Jason Boone is coordinating minister for the Peace and Justice Support Network, a joint position with Mennonite Mission Network and Mennonite USA.
A few times a year I’ll get calls from people not in the Mennonite church. They call to have a conversation (i.e. try to argue) about peace. Really, they want to have a conversation about one aspect of peace – not engaging in deadly force. You know where this is going:
“If you oppose war, what would you do about what about ____________ (fill in the blank here with Hitler, ISIS, AL Qaeda or the terrifying, violent figure of your choice).
I’m happy to have these conversations because they give me a chance to bring up the 198 methods of nonviolent action, and how non-violence is proven to be effective, and Christian Peacemaker Teams, and the Sermon on the Mount. I could on (and usually do).
And when I have the chance, I also like to broaden the conversation. Instead of defining peace as what it doesn’t do, let’s talk about Shalom, right relationships and the Kingdom of God. How we respond to violence is important. Just as important is how we respond to injustice, how we contribute to God’s work of reconciliation in the world, how we love our neighbor.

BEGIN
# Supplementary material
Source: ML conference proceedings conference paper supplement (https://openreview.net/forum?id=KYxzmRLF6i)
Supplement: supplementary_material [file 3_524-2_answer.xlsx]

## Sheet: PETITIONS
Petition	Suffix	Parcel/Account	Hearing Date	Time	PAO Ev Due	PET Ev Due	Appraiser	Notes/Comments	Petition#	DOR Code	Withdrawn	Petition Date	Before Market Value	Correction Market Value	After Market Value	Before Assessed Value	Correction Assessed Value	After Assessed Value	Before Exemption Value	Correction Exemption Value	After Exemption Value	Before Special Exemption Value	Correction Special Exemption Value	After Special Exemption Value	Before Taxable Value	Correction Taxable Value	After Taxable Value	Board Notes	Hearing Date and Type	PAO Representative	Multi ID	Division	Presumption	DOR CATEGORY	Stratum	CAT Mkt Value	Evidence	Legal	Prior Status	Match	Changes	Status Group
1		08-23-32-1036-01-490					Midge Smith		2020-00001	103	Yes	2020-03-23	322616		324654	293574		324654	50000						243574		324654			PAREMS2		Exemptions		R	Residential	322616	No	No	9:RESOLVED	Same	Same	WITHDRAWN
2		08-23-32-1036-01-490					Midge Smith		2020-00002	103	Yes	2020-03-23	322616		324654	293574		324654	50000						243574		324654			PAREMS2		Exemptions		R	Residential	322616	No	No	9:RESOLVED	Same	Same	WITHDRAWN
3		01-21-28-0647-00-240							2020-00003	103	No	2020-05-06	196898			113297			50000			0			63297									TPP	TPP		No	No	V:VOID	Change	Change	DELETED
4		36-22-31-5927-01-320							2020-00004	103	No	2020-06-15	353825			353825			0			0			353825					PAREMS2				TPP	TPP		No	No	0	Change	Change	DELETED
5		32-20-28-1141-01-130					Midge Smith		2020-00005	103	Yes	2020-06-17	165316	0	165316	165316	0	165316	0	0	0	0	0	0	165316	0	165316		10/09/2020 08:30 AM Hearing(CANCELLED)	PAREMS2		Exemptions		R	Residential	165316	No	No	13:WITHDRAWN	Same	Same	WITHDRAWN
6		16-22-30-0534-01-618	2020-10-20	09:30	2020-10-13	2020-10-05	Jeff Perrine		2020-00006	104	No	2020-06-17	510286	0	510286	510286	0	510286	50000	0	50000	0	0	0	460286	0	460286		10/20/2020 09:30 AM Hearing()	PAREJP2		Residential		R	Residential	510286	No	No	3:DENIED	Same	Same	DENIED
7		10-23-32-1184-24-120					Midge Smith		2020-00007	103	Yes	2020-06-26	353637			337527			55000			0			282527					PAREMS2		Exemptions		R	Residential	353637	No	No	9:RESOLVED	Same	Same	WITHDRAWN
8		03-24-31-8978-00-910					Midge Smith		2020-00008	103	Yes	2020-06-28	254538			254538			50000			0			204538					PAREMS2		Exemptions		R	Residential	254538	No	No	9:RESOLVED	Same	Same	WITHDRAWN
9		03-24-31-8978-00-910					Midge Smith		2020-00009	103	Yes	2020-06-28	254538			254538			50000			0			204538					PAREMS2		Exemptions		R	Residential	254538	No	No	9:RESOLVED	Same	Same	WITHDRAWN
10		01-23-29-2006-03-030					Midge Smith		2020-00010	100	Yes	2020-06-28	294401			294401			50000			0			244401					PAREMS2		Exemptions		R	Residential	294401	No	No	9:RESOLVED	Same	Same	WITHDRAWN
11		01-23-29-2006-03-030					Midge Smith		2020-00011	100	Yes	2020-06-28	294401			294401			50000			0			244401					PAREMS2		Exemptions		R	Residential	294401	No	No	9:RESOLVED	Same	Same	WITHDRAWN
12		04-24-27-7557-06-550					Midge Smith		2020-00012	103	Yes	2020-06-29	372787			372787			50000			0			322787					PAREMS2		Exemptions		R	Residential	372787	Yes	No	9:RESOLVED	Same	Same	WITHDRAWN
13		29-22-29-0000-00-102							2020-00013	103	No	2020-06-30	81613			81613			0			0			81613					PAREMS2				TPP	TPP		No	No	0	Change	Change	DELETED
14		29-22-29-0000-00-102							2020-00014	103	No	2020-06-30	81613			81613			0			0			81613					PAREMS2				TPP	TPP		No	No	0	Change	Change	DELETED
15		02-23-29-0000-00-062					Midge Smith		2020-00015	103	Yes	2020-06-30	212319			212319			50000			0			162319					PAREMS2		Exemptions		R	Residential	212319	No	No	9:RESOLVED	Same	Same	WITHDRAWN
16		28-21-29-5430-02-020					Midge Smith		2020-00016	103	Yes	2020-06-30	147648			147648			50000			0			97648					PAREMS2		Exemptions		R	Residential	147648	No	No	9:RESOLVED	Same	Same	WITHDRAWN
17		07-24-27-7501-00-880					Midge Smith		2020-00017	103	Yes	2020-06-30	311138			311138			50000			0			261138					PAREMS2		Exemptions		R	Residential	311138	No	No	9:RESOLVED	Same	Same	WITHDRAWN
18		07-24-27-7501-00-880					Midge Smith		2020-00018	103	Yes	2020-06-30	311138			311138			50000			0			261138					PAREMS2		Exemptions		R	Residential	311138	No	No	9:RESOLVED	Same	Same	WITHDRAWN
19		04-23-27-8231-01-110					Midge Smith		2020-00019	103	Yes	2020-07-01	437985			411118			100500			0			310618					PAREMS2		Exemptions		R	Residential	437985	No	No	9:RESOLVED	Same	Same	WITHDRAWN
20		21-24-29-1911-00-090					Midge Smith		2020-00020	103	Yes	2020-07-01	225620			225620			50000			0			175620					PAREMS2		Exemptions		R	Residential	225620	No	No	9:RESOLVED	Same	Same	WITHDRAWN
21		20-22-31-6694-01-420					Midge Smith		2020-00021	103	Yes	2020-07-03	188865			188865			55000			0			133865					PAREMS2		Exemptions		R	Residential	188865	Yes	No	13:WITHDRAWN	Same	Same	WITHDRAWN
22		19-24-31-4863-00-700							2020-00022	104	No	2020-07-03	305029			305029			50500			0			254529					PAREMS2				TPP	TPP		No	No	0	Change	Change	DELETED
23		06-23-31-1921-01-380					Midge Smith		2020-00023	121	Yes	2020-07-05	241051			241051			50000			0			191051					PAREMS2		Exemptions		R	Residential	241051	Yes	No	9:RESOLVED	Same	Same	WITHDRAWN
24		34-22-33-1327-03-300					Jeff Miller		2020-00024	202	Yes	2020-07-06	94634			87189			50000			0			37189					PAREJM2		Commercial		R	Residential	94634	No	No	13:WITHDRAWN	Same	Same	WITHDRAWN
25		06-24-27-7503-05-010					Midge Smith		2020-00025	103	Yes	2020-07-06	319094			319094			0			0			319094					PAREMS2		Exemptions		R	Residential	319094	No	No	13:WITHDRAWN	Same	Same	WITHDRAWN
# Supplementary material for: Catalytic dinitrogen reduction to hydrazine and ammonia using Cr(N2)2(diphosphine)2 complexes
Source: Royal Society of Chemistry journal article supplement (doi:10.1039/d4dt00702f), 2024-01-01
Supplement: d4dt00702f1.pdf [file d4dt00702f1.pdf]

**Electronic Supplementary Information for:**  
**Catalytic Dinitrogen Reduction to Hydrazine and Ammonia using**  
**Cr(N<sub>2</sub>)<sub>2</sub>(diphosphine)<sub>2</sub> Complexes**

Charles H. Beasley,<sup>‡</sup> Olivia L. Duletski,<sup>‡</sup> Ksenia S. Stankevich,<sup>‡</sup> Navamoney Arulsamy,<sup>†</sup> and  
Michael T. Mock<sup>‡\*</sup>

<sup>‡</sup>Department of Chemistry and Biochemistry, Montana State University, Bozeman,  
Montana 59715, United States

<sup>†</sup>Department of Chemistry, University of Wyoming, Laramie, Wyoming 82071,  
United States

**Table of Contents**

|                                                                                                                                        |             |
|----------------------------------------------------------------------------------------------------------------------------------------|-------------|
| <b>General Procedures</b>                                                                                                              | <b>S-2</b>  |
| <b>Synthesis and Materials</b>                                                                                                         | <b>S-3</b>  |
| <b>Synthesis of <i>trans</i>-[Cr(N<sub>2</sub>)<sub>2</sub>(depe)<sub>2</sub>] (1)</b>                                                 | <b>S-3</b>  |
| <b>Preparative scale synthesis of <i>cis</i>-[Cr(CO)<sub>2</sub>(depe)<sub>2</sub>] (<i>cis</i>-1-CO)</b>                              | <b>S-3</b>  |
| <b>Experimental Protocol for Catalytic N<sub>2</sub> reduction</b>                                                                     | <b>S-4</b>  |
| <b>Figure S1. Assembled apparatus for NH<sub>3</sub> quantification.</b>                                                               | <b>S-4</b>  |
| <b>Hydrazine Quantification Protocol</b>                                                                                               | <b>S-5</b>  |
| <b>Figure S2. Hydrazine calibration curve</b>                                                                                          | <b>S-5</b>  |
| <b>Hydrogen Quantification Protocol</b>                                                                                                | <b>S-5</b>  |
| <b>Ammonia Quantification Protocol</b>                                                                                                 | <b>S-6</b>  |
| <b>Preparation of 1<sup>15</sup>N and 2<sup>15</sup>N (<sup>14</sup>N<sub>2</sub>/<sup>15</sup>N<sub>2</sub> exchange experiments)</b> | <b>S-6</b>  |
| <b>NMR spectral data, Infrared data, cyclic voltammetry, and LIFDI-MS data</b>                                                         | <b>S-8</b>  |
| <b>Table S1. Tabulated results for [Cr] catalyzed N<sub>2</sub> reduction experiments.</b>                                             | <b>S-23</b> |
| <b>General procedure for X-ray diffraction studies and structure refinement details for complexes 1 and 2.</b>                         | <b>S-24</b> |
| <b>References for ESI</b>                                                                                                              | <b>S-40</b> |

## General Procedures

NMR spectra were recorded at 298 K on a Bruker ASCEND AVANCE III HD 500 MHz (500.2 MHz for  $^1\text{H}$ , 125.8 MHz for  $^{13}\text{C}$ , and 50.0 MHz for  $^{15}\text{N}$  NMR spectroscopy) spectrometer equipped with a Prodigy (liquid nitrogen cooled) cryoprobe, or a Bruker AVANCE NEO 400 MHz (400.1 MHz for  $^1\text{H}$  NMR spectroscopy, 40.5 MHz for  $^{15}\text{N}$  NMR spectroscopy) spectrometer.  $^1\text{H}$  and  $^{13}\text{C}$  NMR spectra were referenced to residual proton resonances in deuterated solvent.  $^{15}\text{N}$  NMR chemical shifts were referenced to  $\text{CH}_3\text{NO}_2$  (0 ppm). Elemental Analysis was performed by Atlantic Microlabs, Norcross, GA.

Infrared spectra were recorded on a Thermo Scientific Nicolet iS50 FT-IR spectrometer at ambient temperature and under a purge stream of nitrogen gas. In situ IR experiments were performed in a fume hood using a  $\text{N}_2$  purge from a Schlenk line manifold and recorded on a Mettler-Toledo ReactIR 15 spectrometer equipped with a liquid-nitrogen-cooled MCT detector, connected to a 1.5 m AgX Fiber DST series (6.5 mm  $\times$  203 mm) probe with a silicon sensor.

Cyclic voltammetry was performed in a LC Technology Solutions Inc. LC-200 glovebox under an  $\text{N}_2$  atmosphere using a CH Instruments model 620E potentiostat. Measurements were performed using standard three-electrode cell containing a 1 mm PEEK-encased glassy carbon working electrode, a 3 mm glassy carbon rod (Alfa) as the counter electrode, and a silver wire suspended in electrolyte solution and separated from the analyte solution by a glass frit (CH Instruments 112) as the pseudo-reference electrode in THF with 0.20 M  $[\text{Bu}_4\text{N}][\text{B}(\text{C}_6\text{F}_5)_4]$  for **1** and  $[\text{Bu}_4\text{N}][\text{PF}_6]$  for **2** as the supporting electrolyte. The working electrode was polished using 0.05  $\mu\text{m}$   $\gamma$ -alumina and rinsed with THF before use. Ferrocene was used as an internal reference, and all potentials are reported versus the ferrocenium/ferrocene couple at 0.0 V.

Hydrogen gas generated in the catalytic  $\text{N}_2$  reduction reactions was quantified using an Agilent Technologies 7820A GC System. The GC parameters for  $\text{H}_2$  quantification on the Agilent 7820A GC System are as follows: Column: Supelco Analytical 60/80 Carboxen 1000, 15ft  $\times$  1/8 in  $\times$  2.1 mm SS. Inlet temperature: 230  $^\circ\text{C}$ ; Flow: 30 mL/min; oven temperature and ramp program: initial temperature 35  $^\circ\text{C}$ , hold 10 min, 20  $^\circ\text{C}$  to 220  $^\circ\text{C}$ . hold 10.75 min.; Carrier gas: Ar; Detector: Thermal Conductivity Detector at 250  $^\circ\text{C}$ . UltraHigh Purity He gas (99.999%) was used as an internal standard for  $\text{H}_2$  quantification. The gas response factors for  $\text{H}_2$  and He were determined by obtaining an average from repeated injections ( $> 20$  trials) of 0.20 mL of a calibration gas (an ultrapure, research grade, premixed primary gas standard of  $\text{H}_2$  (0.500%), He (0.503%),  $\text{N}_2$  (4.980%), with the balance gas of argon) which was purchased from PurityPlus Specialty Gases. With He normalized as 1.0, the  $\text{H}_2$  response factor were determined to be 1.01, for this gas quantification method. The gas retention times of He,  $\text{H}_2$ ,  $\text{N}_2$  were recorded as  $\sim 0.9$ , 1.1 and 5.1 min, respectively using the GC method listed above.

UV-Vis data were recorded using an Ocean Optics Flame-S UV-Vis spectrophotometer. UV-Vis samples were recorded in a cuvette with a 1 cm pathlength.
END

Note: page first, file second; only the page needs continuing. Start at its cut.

For me, those elements of “active peacemaking” define our peace witness as much as opposition to war or lethal force.
They need to be as supported and celebrated as much as our opposition to war and violence.
One way the Peace and Justice Support Network supports this type of “active peacemaking” is through Spread the Peace grants. These grants go to support peace projects happening in our churches and conferences.
We recently awarded five Spread the Peace grants and they give an exciting glimpse of the creative width and breadth of our active peacemaking.
Spread the Peace grants went to support:
- Neighborhood and community building
- Learning about the Doctrine of Discovery
- Teaching Trauma awareness and Restorative Justice
- Providing Legal assistance to immigrants
- An art project to promote Christian-Muslim relations
There are many, many other peacemaking initiatives happening across Mennonite Church USA, proving that our peace witness is defined not only by what we are opposed to, but by how we follow Jesus actively into our neighborhoods and communities.
Those peace conversations generally end on good terms.
The caller doesn’t usually have a change of heart, but they will often say that even if they don’t agree with our peace position, they are glad there are peacemakers in the world.
Amen to that!